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Why We are Reluctant to Share Information


In the Agrarian Economy, land ownership indicated wealth. If you didn’t own land, you worked for a landowner. And if you gave away land, you gave away wealth. In the Industrial Economy, financial capital replaced land. Similar to land, capital is a pie that doesn’t expand; when you give it away, you no longer have it.

Now we’re transitioning to the Information Economy, where the most valued asset is knowledge. Unlike land or capital, you can share information without losing it. In fact, those who share are the wealthiest.

Here’s the challenge with sharing information. Our historical systems have conditioned us to guard our valuables, rather than share. How can we overcome this?

Earlier this week, John Tocci, Lila Tocci, and I attended the Collaboration Forum (no relation to BIMForum), where a group of AECO professionals gathered to talk about (what else?) collaboration.

Collaborate (v): To Cooperate Treasonably


Through WWII, “collaborate” was defined as to cooperate treasonably, as with an enemy occupation force in one’s country. (Originally heard from Autodesk’s Chuck Mies, who often starts presentations quoting the dictionary!)

John Barnes, from Linbeck, had an interesting thought on this, when John Tocci shared it with the Collaboration Forum.
Just maybe both definitions are still applicable today and quite germane to our discussion. True collaboration involves disruptive behavior and can involve actions and discussions that in some circumstances could be considered "treasonous" or perhaps "treacherous." Certainly we don't per se have an enemy occupying our country however: I have been on projects where at first the key project stakeholders acted like "enemies" and going to a meeting in their offices at times resembled "occupied" lands. Only through a "treasonous" act such as the contractor agreeing in public with the architect, or a member of the design team acknowledging a subcontractors new- different idea in an owners meeting did these acts of treason turn into positive team results. These types of situations carry the seeds of true collaboration.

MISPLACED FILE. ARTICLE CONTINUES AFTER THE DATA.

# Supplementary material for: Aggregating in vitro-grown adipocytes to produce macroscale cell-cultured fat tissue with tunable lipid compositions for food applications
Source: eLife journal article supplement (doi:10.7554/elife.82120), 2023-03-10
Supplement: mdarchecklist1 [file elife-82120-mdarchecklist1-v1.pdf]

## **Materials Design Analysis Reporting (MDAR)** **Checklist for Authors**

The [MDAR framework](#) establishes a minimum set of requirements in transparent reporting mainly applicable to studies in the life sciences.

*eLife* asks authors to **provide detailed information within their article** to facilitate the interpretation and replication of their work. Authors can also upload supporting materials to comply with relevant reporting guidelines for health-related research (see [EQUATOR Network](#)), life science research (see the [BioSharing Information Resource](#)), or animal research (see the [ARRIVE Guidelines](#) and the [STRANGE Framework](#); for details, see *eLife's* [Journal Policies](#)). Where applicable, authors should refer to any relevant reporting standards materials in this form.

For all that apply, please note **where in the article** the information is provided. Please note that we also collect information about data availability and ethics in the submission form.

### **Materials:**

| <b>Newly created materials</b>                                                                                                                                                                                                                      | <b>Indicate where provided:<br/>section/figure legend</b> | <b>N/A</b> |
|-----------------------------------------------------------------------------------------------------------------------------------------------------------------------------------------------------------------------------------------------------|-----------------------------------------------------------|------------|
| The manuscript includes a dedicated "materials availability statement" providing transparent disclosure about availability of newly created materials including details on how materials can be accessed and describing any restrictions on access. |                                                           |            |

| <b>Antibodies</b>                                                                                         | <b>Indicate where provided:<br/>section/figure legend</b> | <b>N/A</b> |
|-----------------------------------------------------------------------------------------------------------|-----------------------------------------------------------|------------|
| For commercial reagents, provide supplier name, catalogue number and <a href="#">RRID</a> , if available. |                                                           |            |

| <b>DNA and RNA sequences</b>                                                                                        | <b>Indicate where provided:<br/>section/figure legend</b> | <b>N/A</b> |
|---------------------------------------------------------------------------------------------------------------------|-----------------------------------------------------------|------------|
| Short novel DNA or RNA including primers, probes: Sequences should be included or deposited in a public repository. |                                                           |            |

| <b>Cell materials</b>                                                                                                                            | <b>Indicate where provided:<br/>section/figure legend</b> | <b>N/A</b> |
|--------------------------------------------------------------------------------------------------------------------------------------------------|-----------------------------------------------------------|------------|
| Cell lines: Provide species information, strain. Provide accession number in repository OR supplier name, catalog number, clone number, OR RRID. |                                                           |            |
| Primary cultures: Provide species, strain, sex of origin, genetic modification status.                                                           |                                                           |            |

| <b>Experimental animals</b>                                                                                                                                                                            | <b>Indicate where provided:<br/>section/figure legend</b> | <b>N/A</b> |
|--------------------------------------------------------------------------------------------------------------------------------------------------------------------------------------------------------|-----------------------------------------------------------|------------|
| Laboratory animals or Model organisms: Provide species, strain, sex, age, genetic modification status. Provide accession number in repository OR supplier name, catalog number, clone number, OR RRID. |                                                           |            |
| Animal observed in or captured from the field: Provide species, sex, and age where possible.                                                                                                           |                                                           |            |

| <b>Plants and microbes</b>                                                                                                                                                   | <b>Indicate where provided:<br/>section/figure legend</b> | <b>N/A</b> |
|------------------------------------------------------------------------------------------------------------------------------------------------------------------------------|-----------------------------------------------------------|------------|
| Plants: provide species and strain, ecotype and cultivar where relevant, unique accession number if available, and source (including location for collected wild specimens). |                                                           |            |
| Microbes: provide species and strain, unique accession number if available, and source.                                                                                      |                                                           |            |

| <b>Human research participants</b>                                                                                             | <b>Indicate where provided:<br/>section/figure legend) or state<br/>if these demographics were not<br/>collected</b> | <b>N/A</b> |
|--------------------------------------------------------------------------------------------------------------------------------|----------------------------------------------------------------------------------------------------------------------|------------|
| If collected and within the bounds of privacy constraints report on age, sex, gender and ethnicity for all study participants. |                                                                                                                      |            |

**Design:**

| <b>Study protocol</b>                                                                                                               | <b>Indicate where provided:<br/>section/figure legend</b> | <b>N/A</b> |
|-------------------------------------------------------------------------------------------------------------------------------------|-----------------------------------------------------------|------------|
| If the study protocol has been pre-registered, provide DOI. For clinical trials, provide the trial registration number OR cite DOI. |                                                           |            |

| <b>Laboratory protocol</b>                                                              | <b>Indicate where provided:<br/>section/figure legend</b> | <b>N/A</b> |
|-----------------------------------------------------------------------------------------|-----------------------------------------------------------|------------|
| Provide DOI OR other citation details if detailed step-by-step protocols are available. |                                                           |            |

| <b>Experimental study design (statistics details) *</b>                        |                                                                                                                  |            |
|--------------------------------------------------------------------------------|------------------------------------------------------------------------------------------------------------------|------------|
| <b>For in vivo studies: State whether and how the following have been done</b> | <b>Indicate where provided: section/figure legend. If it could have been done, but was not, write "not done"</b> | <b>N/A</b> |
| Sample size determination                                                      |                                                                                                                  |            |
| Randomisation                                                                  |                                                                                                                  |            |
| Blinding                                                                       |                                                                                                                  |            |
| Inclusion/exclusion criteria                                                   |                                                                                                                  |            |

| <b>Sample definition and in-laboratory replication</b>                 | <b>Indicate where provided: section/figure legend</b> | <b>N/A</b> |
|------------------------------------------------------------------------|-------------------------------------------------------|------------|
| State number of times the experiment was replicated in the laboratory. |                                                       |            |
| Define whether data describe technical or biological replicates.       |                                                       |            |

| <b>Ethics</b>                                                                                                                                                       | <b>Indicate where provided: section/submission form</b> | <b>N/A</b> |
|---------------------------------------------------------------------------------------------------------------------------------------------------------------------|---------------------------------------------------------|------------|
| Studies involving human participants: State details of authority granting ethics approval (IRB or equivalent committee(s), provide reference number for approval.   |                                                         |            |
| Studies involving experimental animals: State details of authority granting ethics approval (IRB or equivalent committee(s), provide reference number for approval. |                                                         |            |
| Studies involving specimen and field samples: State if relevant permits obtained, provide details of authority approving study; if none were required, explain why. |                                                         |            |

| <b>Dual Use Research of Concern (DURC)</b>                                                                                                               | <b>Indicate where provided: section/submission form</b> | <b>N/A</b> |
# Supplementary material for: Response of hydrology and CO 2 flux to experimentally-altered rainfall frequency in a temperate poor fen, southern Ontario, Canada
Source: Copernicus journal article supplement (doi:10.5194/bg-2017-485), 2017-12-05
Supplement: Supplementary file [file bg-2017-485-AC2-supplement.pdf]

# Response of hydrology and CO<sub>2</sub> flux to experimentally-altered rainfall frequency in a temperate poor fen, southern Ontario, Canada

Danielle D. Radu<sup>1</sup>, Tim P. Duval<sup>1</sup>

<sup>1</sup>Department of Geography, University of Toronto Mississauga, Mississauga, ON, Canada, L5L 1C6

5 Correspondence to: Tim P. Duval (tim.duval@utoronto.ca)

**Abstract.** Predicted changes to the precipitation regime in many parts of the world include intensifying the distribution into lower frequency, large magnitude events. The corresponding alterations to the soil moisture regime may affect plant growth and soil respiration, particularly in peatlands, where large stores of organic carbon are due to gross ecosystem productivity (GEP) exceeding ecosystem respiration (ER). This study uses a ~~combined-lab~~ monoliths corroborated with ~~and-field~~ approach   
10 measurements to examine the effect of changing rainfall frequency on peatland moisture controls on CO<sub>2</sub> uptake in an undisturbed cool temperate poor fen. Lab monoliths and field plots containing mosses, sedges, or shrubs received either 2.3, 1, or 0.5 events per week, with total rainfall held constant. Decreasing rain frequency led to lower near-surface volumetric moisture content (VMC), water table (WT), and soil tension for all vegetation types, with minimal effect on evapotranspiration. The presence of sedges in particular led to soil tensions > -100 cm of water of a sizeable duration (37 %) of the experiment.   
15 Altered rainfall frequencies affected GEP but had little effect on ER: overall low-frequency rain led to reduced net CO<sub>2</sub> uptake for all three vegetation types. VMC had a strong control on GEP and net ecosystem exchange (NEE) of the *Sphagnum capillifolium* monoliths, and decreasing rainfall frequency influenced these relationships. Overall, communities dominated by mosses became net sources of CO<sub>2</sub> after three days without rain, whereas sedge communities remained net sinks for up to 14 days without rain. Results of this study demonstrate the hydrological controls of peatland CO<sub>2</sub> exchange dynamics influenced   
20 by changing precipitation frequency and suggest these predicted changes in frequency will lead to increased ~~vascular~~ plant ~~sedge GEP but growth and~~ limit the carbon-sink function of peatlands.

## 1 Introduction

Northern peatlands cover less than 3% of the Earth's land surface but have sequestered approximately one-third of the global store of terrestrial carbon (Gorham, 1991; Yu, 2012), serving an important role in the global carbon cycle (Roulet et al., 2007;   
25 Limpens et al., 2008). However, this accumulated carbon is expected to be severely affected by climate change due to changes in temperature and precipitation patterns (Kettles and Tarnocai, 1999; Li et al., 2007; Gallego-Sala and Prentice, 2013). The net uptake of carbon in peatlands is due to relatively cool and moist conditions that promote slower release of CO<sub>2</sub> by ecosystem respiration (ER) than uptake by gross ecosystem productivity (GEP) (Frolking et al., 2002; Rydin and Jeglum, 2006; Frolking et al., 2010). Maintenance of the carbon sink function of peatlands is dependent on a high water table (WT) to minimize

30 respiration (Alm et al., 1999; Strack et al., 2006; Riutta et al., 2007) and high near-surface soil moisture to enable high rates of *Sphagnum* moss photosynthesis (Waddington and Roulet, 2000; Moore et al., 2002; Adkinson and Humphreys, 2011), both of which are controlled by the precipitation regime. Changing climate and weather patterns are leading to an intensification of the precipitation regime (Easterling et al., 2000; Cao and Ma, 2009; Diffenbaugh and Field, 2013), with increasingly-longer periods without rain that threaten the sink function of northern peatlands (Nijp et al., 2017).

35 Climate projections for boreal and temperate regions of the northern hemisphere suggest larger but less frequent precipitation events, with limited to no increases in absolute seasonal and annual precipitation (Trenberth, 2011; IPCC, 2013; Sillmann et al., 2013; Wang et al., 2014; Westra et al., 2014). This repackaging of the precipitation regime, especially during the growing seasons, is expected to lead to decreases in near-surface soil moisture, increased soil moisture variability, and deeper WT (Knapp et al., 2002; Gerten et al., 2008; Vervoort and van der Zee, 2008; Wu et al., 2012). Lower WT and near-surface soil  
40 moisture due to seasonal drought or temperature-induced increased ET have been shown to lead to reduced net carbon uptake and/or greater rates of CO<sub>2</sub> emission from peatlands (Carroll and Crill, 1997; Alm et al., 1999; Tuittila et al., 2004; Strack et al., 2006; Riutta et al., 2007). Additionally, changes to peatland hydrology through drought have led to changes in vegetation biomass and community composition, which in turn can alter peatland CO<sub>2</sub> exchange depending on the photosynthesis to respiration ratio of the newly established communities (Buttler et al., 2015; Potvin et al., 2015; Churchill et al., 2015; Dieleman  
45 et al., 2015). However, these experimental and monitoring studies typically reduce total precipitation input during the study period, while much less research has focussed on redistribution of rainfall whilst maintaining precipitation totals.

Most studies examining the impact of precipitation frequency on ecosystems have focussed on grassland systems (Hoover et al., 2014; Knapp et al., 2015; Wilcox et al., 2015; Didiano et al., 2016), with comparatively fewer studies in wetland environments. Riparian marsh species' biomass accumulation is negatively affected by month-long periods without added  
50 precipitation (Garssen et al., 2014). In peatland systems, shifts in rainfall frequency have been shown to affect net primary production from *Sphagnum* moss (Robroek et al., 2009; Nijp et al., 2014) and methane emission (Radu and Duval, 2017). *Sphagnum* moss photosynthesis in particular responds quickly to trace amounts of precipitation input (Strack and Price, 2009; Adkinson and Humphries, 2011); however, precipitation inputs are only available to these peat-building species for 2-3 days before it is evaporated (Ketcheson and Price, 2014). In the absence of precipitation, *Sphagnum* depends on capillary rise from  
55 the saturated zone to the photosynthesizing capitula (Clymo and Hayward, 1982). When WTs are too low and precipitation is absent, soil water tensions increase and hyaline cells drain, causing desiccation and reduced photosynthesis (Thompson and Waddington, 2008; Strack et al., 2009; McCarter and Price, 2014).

Earlier this week, John Tocci, Lila Tocci, and I attended the Collaboration Forum (no relation to the BIMForum), where a group of AECO professionals gathered to talk about (what else?) collaboration. 



"F Words" of Collaboration


A discussion of “what it is?”, “what it does?”, and “why do it?” resulted in the “F Words” of collaboration.
  • One group defined collaboration as: getting people who share a common objective talking, relating, and feeling together.

  • Collaboration creates an opportunity to have fun on a project.

  • It’s how you would behave, if you were working on a project with a group of friends. It’s the right thing to do.

  • Collaborating is personally fulfilling, especially when you personalize the mission of the asset.
Earlier this week, John Tocci, Lila Tocci, and I attended the Collaboration Forum (no relation to the BIMForum), where a group of AECO professionals gathered to talk about (what else?) collaboration.